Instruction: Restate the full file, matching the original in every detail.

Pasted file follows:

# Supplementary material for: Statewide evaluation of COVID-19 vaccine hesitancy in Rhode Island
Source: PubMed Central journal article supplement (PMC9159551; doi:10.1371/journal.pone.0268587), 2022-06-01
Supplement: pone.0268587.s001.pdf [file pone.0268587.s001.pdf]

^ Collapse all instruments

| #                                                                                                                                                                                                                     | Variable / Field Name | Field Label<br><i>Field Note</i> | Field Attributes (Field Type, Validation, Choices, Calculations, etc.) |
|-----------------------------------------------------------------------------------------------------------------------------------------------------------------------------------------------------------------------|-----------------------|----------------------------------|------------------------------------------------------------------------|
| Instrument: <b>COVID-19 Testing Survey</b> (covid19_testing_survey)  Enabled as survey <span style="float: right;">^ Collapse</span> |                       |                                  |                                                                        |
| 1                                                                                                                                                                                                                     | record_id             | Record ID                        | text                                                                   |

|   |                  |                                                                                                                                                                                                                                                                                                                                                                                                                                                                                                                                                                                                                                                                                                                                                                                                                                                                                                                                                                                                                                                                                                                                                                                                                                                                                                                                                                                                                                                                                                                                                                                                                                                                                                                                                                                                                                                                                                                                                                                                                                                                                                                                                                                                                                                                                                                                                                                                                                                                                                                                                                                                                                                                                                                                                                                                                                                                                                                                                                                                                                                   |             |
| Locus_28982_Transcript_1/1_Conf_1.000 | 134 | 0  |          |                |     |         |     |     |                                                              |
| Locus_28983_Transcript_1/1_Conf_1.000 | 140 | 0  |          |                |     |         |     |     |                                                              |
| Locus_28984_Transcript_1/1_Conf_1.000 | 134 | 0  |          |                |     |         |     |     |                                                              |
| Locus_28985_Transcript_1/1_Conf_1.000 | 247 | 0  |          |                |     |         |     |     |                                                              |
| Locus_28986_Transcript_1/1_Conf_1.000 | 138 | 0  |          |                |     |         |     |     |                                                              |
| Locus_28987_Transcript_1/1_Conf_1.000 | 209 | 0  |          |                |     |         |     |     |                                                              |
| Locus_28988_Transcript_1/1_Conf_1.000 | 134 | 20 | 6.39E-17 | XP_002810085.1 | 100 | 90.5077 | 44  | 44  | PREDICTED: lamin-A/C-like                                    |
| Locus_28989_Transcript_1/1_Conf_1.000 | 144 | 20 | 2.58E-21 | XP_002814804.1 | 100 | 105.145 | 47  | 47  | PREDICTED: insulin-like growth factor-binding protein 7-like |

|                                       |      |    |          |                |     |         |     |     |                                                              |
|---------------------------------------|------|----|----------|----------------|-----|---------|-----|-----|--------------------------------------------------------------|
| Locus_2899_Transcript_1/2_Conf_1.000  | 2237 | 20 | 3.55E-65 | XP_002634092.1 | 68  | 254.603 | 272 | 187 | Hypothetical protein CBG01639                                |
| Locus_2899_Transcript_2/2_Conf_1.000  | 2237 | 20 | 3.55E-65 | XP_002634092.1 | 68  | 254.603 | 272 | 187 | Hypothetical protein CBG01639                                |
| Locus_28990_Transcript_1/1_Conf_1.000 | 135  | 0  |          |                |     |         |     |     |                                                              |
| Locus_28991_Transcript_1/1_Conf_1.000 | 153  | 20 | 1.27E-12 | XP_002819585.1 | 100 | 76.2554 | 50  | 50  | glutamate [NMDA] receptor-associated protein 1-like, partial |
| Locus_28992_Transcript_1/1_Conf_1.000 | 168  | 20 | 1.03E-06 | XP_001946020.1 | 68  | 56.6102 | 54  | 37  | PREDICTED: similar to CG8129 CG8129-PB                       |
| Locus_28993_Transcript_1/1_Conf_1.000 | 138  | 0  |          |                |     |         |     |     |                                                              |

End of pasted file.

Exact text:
# Supplementary material for: Statewide evaluation of COVID-19 vaccine hesitancy in Rhode Island
Source: PubMed Central journal article supplement (PMC9159551; doi:10.1371/journal.pone.0268587), 2022-06-01
Supplement: pone.0268587.s001.pdf [file pone.0268587.s001.pdf]

^ Collapse all instruments

| #                                                                                                                                                                                                                     | Variable / Field Name | Field Label<br><i>Field Note</i> | Field Attributes (Field Type, Validation, Choices, Calculations, etc.) |
|-----------------------------------------------------------------------------------------------------------------------------------------------------------------------------------------------------------------------|-----------------------|----------------------------------|------------------------------------------------------------------------|
| Instrument: <b>COVID-19 Testing Survey</b> (covid19_testing_survey)  Enabled as survey <span style="float: right;">^ Collapse</span> |                       |                                  |                                                                        |
| 1                                                                                                                                                                                                                     | record_id             | Record ID                        | text                                                                   |

|   |                  |                                                                                                                                                                                                                                                                                                                                                                                                                                                                                                                                                                                                                                                                                                                                                                                                                                                                                                                                                                                                                                                                                                                                                                                                                                                                                                                                                                                                                                                                                                                                                                                                                                                                                                                                                                                                                                                                                                                                                                                                                                                                                                                                                                                                                                                                                                                                                                                                                                                                                                                                                                                                                                                                                                                                                                                                                                                                                                                                                                                                                                                   |             |
| Locus_28982_Transcript_1/1_Conf_1.000 | 134 | 0  |          |                |     |         |     |     |                                                              |
| Locus_28983_Transcript_1/1_Conf_1.000 | 140 | 0  |          |                |     |         |     |     |                                                              |
| Locus_28984_Transcript_1/1_Conf_1.000 | 134 | 0  |          |                |     |         |     |     |                                                              |
| Locus_28985_Transcript_1/1_Conf_1.000 | 247 | 0  |          |                |     |         |     |     |                                                              |
| Locus_28986_Transcript_1/1_Conf_1.000 | 138 | 0  |          |                |     |         |     |     |                                                              |
| Locus_28987_Transcript_1/1_Conf_1.000 | 209 | 0  |          |                |     |         |     |     |                                                              |
| Locus_28988_Transcript_1/1_Conf_1.000 | 134 | 20 | 6.39E-17 | XP_002810085.1 | 100 | 90.5077 | 44  | 44  | PREDICTED: lamin-A/C-like                                    |
| Locus_28989_Transcript_1/1_Conf_1.000 | 144 | 20 | 2.58E-21 | XP_002814804.1 | 100 | 105.145 | 47  | 47  | PREDICTED: insulin-like growth factor-binding protein 7-like |

|                                       |      |    |          |                |     |         |     |     |                                                              |
|---------------------------------------|------|----|----------|----------------|-----|---------|-----|-----|--------------------------------------------------------------|
| Locus_2899_Transcript_1/2_Conf_1.000  | 2237 | 20 | 3.55E-65 | XP_002634092.1 | 68  | 254.603 | 272 | 187 | Hypothetical protein CBG01639                                |
| Locus_2899_Transcript_2/2_Conf_1.000  | 2237 | 20 | 3.55E-65 | XP_002634092.1 | 68  | 254.603 | 272 | 187 | Hypothetical protein CBG01639                                |
| Locus_28990_Transcript_1/1_Conf_1.000 | 135  | 0  |          |                |     |         |     |     |                                                              |
| Locus_28991_Transcript_1/1_Conf_1.000 | 153  | 20 | 1.27E-12 | XP_002819585.1 | 100 | 76.2554 | 50  | 50  | glutamate [NMDA] receptor-associated protein 1-like, partial |
| Locus_28992_Transcript_1/1_Conf_1.000 | 168  | 20 | 1.03E-06 | XP_001946020.1 | 68  | 56.6102 | 54  | 37  | PREDICTED: similar to CG8129 CG8129-PB                       |
| Locus_28993_Transcript_1/1_Conf_1.000 | 138  | 0  |          |                |     |         |     |     |                                                              |